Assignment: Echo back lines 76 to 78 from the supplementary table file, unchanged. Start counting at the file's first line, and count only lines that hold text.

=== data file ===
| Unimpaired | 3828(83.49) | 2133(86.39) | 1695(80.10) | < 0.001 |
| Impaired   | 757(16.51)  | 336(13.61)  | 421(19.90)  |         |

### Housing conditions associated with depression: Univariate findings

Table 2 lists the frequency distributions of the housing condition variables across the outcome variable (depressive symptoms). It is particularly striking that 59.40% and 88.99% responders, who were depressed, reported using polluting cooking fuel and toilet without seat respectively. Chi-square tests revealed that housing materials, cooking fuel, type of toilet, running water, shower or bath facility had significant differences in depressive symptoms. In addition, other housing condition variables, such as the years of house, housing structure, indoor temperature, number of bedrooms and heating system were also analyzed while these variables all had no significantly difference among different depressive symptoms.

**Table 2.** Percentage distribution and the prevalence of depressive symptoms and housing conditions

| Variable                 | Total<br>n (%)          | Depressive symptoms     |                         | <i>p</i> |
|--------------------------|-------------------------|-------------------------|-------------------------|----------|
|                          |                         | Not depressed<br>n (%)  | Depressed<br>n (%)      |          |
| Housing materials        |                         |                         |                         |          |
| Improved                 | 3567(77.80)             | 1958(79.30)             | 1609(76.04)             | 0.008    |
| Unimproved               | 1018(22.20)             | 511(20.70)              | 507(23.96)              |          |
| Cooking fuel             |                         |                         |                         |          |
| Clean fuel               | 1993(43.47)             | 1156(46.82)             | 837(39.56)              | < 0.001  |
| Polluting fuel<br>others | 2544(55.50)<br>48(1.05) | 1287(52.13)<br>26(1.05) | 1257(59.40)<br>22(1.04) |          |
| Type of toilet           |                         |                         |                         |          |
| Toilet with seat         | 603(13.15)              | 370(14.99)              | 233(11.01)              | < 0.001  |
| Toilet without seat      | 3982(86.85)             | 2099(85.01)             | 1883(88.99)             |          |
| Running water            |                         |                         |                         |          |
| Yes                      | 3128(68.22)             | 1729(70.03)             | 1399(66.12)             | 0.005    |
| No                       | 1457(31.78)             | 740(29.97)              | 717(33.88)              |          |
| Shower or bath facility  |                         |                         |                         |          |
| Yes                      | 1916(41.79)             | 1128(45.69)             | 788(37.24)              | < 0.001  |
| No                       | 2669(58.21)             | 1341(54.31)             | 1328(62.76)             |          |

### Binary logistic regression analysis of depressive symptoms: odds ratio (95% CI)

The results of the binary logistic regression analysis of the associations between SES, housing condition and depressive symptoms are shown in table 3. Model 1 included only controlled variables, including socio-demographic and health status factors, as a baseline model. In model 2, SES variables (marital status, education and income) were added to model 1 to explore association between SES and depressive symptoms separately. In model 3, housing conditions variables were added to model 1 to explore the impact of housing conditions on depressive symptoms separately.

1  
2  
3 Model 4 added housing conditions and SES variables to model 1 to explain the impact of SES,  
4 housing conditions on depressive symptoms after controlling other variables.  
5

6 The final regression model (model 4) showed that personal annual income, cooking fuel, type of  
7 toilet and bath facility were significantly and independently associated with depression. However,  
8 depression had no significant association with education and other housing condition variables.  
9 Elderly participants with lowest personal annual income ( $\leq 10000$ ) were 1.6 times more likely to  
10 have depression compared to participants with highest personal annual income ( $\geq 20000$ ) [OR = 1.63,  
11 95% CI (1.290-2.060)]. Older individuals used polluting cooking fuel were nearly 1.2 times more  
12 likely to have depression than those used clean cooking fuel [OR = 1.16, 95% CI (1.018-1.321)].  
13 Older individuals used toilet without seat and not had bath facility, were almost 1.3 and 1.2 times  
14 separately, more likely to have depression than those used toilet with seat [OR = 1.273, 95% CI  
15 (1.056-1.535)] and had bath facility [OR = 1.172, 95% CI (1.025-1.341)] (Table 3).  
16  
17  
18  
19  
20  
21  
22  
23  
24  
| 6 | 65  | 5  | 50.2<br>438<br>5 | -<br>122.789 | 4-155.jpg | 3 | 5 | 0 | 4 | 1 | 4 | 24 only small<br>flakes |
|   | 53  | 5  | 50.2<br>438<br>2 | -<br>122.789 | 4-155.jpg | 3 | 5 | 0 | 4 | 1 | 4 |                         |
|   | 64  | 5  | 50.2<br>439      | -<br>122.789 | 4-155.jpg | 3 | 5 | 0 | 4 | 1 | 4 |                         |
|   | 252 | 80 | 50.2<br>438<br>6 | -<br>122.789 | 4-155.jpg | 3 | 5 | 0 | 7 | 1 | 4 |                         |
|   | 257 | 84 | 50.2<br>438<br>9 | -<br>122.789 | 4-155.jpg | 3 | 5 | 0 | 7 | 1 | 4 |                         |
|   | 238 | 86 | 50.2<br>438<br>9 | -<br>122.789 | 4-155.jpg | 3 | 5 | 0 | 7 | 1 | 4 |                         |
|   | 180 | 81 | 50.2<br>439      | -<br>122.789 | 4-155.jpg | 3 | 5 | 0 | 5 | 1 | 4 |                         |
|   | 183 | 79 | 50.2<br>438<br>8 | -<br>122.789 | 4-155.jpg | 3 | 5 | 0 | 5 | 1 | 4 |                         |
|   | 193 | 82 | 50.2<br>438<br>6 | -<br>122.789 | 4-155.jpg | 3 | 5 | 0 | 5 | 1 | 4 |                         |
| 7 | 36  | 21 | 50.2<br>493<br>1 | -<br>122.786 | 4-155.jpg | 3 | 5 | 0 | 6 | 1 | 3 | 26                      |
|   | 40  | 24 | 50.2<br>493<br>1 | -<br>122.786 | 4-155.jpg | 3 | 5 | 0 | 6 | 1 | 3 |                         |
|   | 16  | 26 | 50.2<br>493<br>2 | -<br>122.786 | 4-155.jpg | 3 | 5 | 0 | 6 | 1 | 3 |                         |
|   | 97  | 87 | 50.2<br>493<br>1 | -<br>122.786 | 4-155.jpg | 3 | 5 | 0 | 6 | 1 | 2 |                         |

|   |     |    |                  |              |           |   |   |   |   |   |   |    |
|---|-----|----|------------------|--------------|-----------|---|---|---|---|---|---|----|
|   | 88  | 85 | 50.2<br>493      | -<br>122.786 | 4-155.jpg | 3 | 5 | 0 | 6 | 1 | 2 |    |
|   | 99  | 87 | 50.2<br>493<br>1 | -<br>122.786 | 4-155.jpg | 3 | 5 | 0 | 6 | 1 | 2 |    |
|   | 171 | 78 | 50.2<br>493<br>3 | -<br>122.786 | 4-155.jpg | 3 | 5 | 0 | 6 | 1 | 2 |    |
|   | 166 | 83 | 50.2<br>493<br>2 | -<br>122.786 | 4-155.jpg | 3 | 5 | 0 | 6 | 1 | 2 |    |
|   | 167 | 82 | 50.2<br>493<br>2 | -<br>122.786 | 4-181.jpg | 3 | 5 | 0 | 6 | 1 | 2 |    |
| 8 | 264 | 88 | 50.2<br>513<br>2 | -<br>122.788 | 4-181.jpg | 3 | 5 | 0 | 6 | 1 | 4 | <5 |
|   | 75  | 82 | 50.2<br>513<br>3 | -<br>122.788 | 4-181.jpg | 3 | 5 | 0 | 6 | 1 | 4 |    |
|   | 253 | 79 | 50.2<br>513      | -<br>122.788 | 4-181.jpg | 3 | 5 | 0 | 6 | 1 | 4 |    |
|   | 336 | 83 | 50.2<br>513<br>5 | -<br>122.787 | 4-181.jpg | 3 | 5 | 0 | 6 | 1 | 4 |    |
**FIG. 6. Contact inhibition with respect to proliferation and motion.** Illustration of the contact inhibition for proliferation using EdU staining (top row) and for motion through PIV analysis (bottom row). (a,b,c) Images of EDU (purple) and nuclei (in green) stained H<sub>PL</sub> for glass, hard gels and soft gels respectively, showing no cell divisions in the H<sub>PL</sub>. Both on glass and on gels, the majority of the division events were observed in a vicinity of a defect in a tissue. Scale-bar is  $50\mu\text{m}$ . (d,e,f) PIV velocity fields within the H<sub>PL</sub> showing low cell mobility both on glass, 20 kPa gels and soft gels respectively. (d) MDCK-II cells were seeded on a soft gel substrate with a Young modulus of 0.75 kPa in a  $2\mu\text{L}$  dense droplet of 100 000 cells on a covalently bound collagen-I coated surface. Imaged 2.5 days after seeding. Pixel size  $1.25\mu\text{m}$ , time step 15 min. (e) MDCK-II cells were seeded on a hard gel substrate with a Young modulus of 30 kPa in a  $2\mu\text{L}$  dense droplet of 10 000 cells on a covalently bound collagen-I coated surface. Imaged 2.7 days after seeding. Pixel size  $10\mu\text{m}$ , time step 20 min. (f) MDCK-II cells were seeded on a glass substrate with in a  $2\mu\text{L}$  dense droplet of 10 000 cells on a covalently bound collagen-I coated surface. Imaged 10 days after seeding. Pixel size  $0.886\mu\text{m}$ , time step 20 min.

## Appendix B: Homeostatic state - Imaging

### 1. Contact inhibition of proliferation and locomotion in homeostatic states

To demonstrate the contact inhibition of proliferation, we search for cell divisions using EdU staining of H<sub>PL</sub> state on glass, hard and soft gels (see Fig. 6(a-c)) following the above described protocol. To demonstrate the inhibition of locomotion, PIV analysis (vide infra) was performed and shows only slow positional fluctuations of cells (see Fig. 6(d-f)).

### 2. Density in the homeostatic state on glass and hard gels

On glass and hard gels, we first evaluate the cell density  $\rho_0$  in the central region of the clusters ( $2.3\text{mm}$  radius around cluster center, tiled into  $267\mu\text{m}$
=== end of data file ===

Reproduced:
### 1. Contact inhibition of proliferation and locomotion in homeostatic states

To demonstrate the contact inhibition of proliferation, we search for cell divisions using EdU staining of H<sub>PL</sub> state on glass, hard and soft gels (see Fig. 6(a-c)) following the above described protocol. To demonstrate the inhibition of locomotion, PIV analysis (vide infra) was performed and shows only slow positional fluctuations of cells (see Fig. 6(d-f)).

### 2. Density in the homeostatic state on glass and hard gels